Who knew these guys, hereto far from firebrands, were looking for a knock-down, drag-out fight? "Gore and Bradley have so many similar ideas, and at a time when voters seem to be yearning for someone new, and looking for a fresh start, Gore really has no choice but to highlight any differences he can find in his and Bradley's positions," says TIME Washington correspondent Karen Tumulty. Even if that means risking the loss of a few voters and maybe getting into a few well-timed battles. "As Bradley runs to the left of Gore, the vice president is going to capitalize on the differences between Bradley's record and where he stands today," hoping to capitalize on any glaring inconsistencies. Of course, Bradley is free to do the same, and given Gore's history of, well, exaggeration inventor of the Internet, the inspiration for "Love Story," the savior of the Love Canal Gore should make sure he doesn't provide the former basketball star with too much ammunition. "Bradley has made it clear all along," says Tumulty, "that one of the things he learned in the NBA is when to throw an elbow."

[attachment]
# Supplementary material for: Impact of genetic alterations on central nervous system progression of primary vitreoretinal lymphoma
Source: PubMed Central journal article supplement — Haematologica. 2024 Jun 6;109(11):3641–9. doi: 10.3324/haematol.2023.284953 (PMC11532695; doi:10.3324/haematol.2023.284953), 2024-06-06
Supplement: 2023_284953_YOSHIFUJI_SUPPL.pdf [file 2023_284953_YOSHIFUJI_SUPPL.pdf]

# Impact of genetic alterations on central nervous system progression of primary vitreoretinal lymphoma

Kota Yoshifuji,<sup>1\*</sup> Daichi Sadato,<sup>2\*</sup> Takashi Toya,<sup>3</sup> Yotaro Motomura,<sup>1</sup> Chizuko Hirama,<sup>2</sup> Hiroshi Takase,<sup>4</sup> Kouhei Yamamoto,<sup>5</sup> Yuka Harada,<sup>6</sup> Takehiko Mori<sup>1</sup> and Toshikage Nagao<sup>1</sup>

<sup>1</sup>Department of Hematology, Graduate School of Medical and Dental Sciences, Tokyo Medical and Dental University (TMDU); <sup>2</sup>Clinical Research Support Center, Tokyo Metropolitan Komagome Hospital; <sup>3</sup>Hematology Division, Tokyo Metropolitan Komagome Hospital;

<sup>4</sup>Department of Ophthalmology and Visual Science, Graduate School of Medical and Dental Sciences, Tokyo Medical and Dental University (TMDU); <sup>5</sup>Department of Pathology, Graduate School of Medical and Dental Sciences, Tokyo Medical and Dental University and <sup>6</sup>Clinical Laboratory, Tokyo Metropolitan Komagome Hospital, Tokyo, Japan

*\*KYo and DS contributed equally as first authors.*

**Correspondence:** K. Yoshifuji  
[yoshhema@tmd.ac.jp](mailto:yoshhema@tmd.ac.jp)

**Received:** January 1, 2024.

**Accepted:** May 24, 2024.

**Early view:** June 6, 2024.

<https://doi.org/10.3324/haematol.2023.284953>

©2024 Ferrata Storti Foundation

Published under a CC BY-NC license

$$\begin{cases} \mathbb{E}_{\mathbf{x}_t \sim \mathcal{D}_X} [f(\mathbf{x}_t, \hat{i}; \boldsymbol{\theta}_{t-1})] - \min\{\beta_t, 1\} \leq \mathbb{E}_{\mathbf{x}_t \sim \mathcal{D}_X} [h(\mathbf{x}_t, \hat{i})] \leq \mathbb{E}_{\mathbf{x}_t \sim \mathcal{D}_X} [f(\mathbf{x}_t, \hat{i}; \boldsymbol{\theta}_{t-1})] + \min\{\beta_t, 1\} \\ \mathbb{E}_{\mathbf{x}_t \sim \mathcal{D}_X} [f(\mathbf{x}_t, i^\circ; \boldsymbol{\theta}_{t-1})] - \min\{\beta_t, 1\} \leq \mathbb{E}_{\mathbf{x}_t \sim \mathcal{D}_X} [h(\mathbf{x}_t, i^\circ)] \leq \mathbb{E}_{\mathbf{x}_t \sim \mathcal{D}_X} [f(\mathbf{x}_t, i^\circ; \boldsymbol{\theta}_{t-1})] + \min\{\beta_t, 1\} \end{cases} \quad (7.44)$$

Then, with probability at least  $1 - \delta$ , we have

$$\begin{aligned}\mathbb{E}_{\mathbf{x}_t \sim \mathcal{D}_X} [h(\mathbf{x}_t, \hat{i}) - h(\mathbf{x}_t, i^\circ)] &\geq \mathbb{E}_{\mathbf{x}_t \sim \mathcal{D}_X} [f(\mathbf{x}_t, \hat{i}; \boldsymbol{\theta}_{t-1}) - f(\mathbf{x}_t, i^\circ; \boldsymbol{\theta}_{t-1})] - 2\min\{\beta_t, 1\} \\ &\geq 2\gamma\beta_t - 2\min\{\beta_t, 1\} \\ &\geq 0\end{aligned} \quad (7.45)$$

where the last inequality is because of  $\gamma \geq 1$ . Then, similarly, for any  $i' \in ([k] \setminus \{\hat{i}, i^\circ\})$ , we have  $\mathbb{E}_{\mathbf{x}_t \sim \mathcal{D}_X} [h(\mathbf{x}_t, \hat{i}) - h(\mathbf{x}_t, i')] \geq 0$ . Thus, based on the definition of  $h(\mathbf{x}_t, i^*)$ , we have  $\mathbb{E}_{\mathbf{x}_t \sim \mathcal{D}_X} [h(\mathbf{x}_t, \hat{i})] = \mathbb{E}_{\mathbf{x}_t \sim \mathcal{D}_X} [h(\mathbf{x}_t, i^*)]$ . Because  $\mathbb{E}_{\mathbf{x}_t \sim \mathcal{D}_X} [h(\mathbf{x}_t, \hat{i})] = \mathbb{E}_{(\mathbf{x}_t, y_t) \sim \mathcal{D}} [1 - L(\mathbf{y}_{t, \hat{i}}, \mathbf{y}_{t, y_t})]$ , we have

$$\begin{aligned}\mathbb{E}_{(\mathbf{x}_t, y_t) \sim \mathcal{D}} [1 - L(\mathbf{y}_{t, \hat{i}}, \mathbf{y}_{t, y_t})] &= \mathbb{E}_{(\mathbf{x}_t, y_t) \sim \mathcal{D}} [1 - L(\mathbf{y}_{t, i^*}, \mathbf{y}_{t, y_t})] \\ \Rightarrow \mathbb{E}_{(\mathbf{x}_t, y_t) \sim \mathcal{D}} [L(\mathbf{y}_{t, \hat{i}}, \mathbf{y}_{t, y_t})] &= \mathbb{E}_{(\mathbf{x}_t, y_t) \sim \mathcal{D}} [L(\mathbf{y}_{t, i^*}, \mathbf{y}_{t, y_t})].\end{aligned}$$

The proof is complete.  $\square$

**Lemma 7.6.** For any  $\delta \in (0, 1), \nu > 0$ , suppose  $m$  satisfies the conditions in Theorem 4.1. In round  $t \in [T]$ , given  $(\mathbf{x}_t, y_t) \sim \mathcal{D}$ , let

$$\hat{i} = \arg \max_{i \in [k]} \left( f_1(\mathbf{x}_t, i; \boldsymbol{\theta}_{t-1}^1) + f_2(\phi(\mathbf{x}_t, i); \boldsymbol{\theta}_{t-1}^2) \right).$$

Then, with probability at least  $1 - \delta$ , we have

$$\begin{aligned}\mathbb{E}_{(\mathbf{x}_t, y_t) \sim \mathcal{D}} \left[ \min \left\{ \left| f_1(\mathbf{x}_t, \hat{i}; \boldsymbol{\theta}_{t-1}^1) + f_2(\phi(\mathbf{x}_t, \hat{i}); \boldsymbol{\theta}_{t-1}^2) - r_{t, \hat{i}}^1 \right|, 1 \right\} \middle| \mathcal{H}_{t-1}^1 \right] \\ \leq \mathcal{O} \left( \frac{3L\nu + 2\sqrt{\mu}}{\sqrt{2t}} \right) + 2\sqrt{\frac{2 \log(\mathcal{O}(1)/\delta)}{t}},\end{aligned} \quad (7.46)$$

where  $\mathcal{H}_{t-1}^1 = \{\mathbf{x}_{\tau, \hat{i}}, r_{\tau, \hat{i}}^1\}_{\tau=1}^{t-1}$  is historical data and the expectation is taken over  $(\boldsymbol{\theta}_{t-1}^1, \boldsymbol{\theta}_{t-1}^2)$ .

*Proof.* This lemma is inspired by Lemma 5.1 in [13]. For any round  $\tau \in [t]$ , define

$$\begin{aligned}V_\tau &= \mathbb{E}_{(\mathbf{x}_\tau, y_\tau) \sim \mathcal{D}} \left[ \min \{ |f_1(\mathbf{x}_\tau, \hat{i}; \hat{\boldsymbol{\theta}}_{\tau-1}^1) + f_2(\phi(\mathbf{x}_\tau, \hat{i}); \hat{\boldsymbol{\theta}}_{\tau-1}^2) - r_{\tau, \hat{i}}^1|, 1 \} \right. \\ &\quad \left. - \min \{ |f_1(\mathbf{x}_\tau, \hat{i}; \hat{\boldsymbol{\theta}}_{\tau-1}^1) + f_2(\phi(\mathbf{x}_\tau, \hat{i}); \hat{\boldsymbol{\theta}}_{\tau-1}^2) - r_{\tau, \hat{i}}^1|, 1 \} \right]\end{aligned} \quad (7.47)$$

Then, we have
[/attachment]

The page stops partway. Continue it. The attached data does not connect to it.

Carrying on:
Thursday, while the GOP presidential candidates gathered in New Hampshire to engage in debate and argue about the size of tax breaks, a less kind, considerably less gentle Democratic race was beginning to show its face. Campaigning in Iowa, Al Gore addressed a group of senior citizens, and warned them that Bill Bradley's sweeping health care reforms would "deny care to millions." Bradley, in an uncharacteristic flash of emotion, refuted Gore's claim, calling it a "distortion" of the truth. Bradley went even further in his attack, saying Gore is lying about Bradley's record and misrepresenting his policy proposals.